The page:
THEMES IN HANDMADE CINEMA
Part of the appeal of handmade cinema is the element of chance that inheres in its creation, which includes the necessary trial and error that comes from making films by painting on tiny individual frames, or by submitting the emulsion to strange substances, or by purposefully decaying the film. Fredrich Kittler states that in the photochemical process, a filmmaker finds happy accidents redolent of alchemical experiments. The unexpected transformation of the quotidian (closed-eye vision, a series of vertical lines, a splattering of paint) into the wondrous (a dazzling display of motion and color that challenges the perceptual faculties of the viewer) characterizes the promise of handmade cinema.
Many handmade films and artworks result from collaboration. Light shows and early computer films, in particular, are emblematic practices wherein artists of different backgrounds working together to foster new ways of making images move. By assigning different media to various members and allowing them all the space to develop their own talents and styles with their respective materials and apparatus, light shows were able to, as craft historian Alison Pearlman argues, “compensate for missing expertise in media that are central to the work” while providing an example of how craft carries “profound social and ethical implications” with respect to non-hierarchical collaborative art-making processes. Electronic artist and engineer Billy Kluver told Douglas Davis that collaborations between artists and engineers flourished when they “can see each other’s works and get stimulated by each other’s contributions, so that the work changes organically to something other than what it was in the beginning.”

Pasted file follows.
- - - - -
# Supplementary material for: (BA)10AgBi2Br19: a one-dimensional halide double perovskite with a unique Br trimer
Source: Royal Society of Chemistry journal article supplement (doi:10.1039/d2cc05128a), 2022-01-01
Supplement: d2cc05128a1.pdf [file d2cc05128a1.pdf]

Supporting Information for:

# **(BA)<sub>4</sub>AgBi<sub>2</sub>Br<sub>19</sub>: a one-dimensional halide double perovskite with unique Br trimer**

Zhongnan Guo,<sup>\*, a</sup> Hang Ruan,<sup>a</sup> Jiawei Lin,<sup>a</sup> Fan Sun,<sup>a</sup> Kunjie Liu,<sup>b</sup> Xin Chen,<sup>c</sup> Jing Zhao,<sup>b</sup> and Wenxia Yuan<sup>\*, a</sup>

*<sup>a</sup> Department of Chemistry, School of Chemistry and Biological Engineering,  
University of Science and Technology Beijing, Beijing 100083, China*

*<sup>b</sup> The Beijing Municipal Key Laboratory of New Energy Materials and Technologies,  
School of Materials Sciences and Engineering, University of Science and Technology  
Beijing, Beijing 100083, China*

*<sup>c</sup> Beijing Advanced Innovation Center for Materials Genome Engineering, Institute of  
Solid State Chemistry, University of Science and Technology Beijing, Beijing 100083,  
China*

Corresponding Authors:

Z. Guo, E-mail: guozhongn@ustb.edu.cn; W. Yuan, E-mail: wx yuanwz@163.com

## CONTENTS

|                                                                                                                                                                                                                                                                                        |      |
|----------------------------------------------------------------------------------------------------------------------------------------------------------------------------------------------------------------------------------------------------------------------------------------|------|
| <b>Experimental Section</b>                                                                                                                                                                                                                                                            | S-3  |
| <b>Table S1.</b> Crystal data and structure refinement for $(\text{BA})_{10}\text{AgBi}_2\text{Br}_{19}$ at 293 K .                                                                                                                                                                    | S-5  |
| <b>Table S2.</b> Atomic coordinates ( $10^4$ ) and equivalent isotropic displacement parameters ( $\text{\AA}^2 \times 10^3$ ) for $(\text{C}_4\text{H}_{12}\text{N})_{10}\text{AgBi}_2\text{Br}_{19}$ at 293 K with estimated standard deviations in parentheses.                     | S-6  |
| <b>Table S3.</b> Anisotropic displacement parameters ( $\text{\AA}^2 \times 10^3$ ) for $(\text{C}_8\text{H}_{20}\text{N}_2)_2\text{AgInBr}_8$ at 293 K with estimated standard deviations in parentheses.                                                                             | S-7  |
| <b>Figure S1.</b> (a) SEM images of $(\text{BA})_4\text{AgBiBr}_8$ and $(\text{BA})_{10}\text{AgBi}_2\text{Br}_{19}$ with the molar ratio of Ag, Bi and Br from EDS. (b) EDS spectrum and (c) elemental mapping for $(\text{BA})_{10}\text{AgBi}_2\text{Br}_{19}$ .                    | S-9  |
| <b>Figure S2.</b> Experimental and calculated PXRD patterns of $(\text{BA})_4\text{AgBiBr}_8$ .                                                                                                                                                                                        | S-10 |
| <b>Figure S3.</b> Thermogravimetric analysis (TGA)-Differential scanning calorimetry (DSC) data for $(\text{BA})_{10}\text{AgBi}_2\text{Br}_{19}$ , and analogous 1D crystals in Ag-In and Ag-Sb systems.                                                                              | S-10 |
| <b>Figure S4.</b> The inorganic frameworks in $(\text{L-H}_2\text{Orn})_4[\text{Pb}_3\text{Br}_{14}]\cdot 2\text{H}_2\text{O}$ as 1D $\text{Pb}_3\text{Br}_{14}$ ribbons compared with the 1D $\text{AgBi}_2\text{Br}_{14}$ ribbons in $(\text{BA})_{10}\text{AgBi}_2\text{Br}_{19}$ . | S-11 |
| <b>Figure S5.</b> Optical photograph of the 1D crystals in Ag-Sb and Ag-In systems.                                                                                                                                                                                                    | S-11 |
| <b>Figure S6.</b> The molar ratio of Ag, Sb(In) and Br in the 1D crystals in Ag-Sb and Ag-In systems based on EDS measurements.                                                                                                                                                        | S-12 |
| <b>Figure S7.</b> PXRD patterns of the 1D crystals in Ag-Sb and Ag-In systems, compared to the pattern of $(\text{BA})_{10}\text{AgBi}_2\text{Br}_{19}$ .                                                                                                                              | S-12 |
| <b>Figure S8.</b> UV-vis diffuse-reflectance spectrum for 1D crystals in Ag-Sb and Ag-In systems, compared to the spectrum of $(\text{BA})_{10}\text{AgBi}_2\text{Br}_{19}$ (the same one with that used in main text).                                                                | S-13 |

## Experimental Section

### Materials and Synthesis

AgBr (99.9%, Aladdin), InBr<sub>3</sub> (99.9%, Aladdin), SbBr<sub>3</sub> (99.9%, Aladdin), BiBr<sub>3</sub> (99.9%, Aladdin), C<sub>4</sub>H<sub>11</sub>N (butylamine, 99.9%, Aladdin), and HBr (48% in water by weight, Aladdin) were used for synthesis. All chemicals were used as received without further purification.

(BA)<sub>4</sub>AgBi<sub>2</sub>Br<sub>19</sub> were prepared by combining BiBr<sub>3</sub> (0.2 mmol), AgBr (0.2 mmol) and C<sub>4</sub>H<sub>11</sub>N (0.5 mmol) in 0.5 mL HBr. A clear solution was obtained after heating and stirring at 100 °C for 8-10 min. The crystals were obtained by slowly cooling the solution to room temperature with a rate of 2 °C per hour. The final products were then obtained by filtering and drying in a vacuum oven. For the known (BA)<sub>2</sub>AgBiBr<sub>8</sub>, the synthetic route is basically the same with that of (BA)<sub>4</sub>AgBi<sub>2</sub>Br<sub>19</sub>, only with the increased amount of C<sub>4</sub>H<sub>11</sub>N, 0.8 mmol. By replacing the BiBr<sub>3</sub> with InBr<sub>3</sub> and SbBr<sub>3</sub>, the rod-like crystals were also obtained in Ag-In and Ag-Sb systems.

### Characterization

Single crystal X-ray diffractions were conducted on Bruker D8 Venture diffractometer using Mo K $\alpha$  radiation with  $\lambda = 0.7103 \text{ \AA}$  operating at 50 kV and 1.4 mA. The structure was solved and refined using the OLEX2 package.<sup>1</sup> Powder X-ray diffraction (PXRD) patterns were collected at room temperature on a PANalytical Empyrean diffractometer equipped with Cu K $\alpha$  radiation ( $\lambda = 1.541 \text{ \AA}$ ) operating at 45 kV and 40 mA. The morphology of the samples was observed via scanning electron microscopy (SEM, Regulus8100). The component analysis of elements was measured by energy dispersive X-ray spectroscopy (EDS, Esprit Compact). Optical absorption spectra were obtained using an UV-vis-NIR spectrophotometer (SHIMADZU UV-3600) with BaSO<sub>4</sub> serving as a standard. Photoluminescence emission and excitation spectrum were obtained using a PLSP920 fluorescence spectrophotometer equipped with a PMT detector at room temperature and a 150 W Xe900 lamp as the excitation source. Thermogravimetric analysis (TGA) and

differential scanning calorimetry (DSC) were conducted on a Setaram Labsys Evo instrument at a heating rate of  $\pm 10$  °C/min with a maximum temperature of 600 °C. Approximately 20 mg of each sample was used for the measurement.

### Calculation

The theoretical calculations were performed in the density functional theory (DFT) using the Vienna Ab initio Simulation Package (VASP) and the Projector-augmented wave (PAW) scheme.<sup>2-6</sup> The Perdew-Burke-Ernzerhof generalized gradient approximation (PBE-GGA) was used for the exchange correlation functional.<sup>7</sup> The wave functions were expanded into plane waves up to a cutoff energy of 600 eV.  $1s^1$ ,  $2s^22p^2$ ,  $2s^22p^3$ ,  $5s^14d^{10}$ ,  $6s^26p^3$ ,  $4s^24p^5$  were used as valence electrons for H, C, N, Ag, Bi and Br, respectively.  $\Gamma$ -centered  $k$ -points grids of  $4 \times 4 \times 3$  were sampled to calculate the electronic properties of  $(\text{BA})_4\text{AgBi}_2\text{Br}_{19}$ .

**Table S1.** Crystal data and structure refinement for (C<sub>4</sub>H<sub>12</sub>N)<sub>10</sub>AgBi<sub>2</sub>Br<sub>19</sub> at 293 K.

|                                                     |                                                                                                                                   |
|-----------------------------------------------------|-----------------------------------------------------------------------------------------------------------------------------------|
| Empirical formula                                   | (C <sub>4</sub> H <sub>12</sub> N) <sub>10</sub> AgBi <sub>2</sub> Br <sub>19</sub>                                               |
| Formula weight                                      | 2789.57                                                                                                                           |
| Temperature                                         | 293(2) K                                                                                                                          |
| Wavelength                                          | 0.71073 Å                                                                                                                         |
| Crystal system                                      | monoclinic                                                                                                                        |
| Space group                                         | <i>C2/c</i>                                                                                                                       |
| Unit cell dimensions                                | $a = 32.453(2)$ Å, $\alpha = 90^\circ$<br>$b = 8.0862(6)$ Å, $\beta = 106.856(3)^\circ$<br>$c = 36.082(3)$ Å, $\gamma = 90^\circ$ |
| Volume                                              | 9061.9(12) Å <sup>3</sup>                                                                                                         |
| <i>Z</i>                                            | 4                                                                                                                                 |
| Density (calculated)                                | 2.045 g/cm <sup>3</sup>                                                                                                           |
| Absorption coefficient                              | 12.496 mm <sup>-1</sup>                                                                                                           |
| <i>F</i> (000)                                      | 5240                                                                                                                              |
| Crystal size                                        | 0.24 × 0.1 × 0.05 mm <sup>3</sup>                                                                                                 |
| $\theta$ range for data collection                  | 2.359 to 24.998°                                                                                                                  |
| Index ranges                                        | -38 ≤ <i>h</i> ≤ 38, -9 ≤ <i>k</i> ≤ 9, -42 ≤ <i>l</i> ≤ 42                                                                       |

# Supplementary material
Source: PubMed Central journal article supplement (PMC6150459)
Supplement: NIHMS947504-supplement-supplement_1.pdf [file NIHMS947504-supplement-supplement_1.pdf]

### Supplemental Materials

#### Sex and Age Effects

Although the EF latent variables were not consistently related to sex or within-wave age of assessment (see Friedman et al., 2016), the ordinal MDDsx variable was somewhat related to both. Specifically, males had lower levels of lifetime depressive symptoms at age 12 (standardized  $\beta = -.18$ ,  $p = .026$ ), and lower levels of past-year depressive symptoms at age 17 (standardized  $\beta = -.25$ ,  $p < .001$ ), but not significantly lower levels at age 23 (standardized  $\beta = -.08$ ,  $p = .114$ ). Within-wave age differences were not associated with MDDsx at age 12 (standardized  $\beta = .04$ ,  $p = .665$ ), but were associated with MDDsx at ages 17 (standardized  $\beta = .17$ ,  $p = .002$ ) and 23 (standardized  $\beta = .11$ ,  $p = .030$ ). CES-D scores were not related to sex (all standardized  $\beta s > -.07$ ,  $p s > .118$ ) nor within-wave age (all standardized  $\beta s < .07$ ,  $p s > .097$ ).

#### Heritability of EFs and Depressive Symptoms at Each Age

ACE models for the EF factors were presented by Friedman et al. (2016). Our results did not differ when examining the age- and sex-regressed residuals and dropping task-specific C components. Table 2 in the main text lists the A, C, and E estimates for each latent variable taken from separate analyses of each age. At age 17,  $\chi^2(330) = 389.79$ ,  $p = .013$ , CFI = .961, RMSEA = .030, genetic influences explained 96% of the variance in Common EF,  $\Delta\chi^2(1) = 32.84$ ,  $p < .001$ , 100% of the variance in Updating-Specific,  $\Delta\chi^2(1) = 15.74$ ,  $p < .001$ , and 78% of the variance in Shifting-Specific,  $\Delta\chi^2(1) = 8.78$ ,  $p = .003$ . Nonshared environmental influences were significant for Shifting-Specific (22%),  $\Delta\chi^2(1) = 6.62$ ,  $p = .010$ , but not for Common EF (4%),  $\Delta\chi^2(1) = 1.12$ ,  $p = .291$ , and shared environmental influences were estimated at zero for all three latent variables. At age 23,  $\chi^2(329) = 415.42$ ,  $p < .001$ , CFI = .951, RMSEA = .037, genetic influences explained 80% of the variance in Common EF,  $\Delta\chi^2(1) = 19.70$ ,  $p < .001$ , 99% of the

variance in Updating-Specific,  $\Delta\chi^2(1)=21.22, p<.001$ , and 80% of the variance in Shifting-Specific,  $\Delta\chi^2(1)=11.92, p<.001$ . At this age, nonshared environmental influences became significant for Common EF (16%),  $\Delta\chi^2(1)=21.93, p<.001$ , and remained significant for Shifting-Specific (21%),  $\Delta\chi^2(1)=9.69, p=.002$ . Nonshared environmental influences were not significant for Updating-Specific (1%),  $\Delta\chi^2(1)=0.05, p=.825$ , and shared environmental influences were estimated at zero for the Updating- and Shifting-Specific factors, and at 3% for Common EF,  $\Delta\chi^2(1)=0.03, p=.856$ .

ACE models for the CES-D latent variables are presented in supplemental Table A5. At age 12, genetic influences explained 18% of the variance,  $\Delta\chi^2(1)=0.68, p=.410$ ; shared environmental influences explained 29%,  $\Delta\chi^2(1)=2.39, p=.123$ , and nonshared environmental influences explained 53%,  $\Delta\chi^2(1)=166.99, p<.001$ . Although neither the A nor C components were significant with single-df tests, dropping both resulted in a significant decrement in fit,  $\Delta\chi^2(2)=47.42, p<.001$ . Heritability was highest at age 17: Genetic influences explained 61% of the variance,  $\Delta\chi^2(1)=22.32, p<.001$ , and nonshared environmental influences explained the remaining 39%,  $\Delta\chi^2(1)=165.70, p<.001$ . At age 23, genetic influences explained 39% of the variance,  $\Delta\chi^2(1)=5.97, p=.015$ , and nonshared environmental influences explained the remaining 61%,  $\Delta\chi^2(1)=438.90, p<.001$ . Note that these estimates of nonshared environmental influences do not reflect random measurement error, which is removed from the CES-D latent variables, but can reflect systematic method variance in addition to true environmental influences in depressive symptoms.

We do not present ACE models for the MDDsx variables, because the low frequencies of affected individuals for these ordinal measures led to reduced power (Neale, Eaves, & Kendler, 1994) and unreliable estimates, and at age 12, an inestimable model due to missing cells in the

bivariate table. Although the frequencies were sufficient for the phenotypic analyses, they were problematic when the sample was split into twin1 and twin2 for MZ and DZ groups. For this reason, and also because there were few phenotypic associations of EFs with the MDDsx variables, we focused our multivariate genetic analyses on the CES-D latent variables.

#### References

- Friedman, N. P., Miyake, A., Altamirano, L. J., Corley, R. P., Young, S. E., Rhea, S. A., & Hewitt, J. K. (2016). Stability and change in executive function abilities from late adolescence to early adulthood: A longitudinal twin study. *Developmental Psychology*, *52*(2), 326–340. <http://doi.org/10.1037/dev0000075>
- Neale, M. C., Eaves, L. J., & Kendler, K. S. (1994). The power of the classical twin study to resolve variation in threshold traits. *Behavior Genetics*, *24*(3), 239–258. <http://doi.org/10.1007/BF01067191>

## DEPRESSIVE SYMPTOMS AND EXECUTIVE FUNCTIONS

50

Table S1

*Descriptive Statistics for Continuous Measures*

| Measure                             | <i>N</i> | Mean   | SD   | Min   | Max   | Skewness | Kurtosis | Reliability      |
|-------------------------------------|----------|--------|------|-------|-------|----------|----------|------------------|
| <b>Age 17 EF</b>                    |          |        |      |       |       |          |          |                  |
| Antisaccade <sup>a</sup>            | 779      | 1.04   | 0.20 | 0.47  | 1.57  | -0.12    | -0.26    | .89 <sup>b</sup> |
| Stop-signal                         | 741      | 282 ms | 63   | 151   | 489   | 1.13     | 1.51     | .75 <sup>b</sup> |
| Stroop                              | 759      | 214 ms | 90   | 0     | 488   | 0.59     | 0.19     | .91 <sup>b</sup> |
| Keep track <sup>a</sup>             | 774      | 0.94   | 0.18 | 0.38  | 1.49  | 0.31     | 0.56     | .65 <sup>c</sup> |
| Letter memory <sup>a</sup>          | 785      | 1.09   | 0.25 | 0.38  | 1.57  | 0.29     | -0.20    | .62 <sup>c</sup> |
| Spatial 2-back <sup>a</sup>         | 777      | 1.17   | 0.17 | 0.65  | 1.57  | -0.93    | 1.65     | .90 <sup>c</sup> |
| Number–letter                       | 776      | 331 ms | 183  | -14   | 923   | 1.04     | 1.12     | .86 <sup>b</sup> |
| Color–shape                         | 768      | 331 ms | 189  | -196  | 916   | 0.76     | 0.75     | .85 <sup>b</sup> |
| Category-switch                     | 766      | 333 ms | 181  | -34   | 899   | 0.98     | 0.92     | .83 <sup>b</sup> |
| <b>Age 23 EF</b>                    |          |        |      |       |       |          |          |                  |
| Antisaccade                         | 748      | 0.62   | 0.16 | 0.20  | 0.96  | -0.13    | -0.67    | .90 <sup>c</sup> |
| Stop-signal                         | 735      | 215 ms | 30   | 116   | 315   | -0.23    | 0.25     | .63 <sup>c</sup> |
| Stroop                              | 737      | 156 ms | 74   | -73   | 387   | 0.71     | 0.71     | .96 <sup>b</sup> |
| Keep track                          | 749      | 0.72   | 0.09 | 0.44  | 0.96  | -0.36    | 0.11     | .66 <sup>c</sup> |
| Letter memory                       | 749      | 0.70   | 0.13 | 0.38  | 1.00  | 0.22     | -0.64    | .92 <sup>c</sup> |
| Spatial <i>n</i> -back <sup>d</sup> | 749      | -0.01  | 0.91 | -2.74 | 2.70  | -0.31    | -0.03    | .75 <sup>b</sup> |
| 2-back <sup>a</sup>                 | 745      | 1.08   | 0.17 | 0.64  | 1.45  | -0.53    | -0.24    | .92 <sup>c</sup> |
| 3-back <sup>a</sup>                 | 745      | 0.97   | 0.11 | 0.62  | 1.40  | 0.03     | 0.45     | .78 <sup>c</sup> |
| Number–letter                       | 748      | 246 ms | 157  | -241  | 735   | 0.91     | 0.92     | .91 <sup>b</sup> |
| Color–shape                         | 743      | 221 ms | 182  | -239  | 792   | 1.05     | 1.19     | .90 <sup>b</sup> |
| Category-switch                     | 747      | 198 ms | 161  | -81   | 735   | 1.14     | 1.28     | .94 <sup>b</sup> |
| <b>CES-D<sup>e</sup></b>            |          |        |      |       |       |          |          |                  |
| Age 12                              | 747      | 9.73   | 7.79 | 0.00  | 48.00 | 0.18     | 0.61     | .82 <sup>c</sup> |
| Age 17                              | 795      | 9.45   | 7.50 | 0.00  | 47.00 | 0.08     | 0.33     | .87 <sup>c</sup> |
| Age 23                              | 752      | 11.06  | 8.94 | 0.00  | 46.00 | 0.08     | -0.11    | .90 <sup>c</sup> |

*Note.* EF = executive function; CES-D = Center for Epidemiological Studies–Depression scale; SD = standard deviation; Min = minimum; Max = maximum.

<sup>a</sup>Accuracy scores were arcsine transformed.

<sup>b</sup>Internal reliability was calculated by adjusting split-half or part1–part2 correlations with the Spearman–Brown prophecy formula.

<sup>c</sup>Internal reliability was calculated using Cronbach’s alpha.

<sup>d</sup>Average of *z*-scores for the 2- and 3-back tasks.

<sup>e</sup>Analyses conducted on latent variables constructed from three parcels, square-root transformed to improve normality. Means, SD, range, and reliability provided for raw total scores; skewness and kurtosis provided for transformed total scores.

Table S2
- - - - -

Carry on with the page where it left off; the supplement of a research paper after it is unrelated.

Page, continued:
Operating within the predominantly (but not exclusively) male environment of late twentieth-century moving-image art, some filmmakers used handmade methods to connect the personal with the political, to establish spaces to view the female body absent of or in defiance of the male gaze, and to present images that combine photographed flesh with expressionistic abstraction. In so doing, feminist moving-image works affirm the affordances of film as a medium for abstract image making as well as the possibilities for moving-image abstraction to take on a range of ideological meanings, depending on their precise means of production, the stated identities of their makers, or the specific contexts in which they are seen.
Intoxication is stupefaction or excitement by the action of a chemical substance. It is an important theme in handmade cinema, as it is linked to different registers of vision, hallucination, and sensory confusion.
Mysticism is defined as “the search for the state of oneness with ultimate reality,” which is different than occultism, which is seen as revolving around the idea of revealed or secret knowledge or phenomena that can only be understood by those who have been initiated into specific systems of thought and experience.
Many handmade filmmakers were keen students of theories concerning the spiritual qualities of pictorial abstraction. These systems of knowledge included Theosophy, Buddhism, Cabbala, Jungian psychology, alchemy, mysticism, intoxication, synesthesia, and the occult, and often incorporated tropes gleaned from discoveries in the fields of biology and theoretical physics